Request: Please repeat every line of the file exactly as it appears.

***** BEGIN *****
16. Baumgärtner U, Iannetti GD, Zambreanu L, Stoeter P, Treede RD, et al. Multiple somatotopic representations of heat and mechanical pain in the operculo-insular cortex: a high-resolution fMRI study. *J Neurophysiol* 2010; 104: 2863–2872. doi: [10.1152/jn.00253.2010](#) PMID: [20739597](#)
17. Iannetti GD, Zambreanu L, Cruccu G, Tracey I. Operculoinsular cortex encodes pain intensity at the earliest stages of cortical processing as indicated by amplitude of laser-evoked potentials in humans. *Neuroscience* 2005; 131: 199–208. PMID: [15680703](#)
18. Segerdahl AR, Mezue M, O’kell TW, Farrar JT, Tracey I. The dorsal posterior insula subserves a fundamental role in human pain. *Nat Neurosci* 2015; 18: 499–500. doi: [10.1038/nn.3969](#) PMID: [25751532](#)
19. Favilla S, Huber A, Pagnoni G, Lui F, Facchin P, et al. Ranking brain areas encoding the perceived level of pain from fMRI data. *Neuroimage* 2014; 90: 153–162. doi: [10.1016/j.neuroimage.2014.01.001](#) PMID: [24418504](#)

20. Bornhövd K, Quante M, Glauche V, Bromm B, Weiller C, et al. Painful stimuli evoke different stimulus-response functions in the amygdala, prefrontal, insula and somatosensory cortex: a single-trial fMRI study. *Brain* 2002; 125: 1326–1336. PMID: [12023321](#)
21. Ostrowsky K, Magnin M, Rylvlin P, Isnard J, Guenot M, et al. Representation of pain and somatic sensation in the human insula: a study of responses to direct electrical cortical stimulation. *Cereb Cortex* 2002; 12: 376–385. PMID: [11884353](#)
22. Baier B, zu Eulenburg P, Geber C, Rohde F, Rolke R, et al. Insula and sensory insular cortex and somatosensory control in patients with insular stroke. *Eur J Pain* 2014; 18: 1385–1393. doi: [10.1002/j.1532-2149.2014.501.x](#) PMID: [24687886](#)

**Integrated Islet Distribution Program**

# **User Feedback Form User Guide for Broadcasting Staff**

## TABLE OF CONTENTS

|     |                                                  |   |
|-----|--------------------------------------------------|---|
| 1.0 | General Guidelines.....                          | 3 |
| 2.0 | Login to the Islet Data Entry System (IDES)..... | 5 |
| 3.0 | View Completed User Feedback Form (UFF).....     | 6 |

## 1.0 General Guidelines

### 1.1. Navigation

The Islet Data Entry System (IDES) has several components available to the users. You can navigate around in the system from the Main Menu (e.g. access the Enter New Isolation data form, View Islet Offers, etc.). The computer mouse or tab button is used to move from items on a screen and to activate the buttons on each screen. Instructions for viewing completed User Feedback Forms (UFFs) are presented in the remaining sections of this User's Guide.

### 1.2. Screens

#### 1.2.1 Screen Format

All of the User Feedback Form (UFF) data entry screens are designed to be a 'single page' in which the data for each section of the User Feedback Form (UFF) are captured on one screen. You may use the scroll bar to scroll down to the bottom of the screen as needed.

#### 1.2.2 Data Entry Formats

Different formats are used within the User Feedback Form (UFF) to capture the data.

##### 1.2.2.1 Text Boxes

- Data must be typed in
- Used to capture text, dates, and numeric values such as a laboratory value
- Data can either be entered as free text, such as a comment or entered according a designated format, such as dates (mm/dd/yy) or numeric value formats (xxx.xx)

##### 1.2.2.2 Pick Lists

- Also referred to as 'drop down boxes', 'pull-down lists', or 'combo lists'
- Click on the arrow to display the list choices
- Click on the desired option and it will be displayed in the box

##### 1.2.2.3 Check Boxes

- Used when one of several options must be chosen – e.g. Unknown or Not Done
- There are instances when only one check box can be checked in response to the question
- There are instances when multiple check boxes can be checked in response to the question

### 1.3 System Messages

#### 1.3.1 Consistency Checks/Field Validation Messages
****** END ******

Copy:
16. Baumgärtner U, Iannetti GD, Zambreanu L, Stoeter P, Treede RD, et al. Multiple somatotopic representations of heat and mechanical pain in the operculo-insular cortex: a high-resolution fMRI study. *J Neurophysiol* 2010; 104: 2863–2872. doi: [10.1152/jn.00253.2010](#) PMID: [20739597](#)
17. Iannetti GD, Zambreanu L, Cruccu G, Tracey I. Operculoinsular cortex encodes pain intensity at the earliest stages of cortical processing as indicated by amplitude of laser-evoked potentials in humans. *Neuroscience* 2005; 131: 199–208. PMID: [15680703](#)
18. Segerdahl AR, Mezue M, O’kell TW, Farrar JT, Tracey I. The dorsal posterior insula subserves a fundamental role in human pain. *Nat Neurosci* 2015; 18: 499–500. doi: [10.1038/nn.3969](#) PMID: [25751532](#)
19. Favilla S, Huber A, Pagnoni G, Lui F, Facchin P, et al. Ranking brain areas encoding the perceived level of pain from fMRI data. *Neuroimage* 2014; 90: 153–162. doi: [10.1016/j.neuroimage.2014.01.001](#) PMID: [24418504](#)

20. Bornhövd K, Quante M, Glauche V, Bromm B, Weiller C, et al. Painful stimuli evoke different stimulus-response functions in the amygdala, prefrontal, insula and somatosensory cortex: a single-trial fMRI study. *Brain* 2002; 125: 1326–1336. PMID: [12023321](#)
21. Ostrowsky K, Magnin M, Rylvlin P, Isnard J, Guenot M, et al. Representation of pain and somatic sensation in the human insula: a study of responses to direct electrical cortical stimulation. *Cereb Cortex* 2002; 12: 376–385. PMID: [11884353](#)
22. Baier B, zu Eulenburg P, Geber C, Rohde F, Rolke R, et al. Insula and sensory insular cortex and somatosensory control in patients with insular stroke. *Eur J Pain* 2014; 18: 1385–1393. doi: [10.1002/j.1532-2149.2014.501.x](#) PMID: [24687886](#)

**Integrated Islet Distribution Program**

# **User Feedback Form User Guide for Broadcasting Staff**

## TABLE OF CONTENTS

|     |                                                  |   |
|-----|--------------------------------------------------|---|
| 1.0 | General Guidelines.....                          | 3 |
| 2.0 | Login to the Islet Data Entry System (IDES)..... | 5 |
| 3.0 | View Completed User Feedback Form (UFF).....     | 6 |

## 1.0 General Guidelines

### 1.1. Navigation

The Islet Data Entry System (IDES) has several components available to the users. You can navigate around in the system from the Main Menu (e.g. access the Enter New Isolation data form, View Islet Offers, etc.). The computer mouse or tab button is used to move from items on a screen and to activate the buttons on each screen. Instructions for viewing completed User Feedback Forms (UFFs) are presented in the remaining sections of this User's Guide.

### 1.2. Screens

#### 1.2.1 Screen Format

All of the User Feedback Form (UFF) data entry screens are designed to be a 'single page' in which the data for each section of the User Feedback Form (UFF) are captured on one screen. You may use the scroll bar to scroll down to the bottom of the screen as needed.

#### 1.2.2 Data Entry Formats

Different formats are used within the User Feedback Form (UFF) to capture the data.

##### 1.2.2.1 Text Boxes

- Data must be typed in
- Used to capture text, dates, and numeric values such as a laboratory value
- Data can either be entered as free text, such as a comment or entered according a designated format, such as dates (mm/dd/yy) or numeric value formats (xxx.xx)

##### 1.2.2.2 Pick Lists

- Also referred to as 'drop down boxes', 'pull-down lists', or 'combo lists'
- Click on the arrow to display the list choices
- Click on the desired option and it will be displayed in the box

##### 1.2.2.3 Check Boxes

- Used when one of several options must be chosen – e.g. Unknown or Not Done
- There are instances when only one check box can be checked in response to the question
- There are instances when multiple check boxes can be checked in response to the question

### 1.3 System Messages

#### 1.3.1 Consistency Checks/Field Validation Messages